Nonsteroidal anti-inflammatory drugs (NSAIDs) are widely distributed and frequently prescribed as mild analgesics and antipyretics for various types of pain. Systemic hypersensitivity reactions to NSAIDs represent one type of possible adverse drug reactions, but may have potentially life-threatening consequences. Notably, the mechanism of hypersensitivity reactions often remains unclear due to the lack of appropriate diagnostic means, and a differentiation between allergic and pseudoallergic adverse reaction can not be made unequivocally. We will investigate the mechanism of systemic hypersensitivity to the NSAID diclofenac. We will investigate the immune interactions of diclofenac by histamine release and human serology. Metabolites will be tested in addition to diclofenac and alternative means of conjugating diclofenac to human serum albumin will be investigated. We aim to develop an in vitro diagnostic test system and assess its clinical applicability in collaboration with two major allergy centers in Austria. As mouse models have repeatedly proven to be versatile instruments in allergy research, we will use immunization protocols capable of inducing an immune response resembling the in vivo situation in humans for the establishment of a mouse model for diclofenac allergy. We will furthermore apply proteomic methods to identify serum proteins being haptenized by diclofenac and study novel immune interactions.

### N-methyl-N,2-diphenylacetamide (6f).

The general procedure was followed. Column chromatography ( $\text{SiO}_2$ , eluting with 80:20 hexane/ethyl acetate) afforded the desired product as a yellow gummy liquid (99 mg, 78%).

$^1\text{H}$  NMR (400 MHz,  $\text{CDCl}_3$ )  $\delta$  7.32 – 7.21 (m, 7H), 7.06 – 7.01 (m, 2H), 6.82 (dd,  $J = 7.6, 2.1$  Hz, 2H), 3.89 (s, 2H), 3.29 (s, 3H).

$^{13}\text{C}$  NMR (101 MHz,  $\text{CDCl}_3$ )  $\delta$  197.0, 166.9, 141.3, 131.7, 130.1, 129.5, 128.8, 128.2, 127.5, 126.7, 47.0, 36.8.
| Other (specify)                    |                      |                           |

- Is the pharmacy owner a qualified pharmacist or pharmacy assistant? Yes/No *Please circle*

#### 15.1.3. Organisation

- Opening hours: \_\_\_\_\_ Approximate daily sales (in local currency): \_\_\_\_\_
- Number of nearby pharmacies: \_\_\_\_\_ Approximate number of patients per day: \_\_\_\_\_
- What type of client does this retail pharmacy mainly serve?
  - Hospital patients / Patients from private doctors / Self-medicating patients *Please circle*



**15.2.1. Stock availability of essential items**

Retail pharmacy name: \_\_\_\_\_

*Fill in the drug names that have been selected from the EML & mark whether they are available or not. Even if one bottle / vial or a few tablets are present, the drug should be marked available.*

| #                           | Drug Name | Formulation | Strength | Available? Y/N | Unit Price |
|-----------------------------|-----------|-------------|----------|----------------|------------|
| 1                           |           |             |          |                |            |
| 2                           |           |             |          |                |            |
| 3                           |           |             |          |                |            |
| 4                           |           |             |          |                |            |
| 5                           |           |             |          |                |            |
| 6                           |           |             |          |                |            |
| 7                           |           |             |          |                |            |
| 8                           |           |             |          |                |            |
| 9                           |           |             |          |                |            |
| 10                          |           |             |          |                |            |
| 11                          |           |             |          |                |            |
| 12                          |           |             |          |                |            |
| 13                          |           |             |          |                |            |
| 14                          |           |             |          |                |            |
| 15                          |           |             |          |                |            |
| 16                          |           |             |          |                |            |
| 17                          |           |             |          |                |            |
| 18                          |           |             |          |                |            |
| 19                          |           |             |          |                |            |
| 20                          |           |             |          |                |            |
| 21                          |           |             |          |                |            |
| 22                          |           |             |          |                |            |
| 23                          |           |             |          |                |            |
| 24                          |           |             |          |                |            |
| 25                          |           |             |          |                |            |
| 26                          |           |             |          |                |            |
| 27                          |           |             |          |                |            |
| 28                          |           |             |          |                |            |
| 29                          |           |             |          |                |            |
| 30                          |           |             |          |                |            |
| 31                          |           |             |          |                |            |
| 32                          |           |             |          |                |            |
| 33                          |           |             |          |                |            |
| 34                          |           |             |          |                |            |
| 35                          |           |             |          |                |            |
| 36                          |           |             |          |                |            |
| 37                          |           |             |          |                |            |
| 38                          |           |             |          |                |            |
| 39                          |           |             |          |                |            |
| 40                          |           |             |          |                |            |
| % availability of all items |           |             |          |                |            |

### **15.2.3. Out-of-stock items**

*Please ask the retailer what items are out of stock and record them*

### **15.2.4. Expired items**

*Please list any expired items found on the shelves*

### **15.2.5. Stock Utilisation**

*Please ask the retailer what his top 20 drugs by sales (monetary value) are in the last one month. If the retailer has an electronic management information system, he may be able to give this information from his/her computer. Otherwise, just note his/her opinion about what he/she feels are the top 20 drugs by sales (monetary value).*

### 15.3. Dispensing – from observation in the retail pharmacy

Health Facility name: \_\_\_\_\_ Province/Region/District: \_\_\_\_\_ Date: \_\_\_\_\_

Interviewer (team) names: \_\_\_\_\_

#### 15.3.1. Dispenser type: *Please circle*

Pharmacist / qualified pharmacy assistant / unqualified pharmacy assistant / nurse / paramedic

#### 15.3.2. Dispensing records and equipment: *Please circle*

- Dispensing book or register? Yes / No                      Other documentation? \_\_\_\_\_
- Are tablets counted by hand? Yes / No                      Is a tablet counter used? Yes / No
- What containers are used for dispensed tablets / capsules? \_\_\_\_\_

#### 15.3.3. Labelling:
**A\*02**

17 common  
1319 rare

Project leader: Martin Himly, PhD
Project number: P18820-B13
Project type: § 26 project funded by the Austrian Research Fund (FWF)
Run time: July 1st, 2006 – June 30th, 2011
Short title: Mechanism of drug-induced anaphylaxis
Staff: Andrea Harrer (PhD student),
Markus Steiner (PhD student),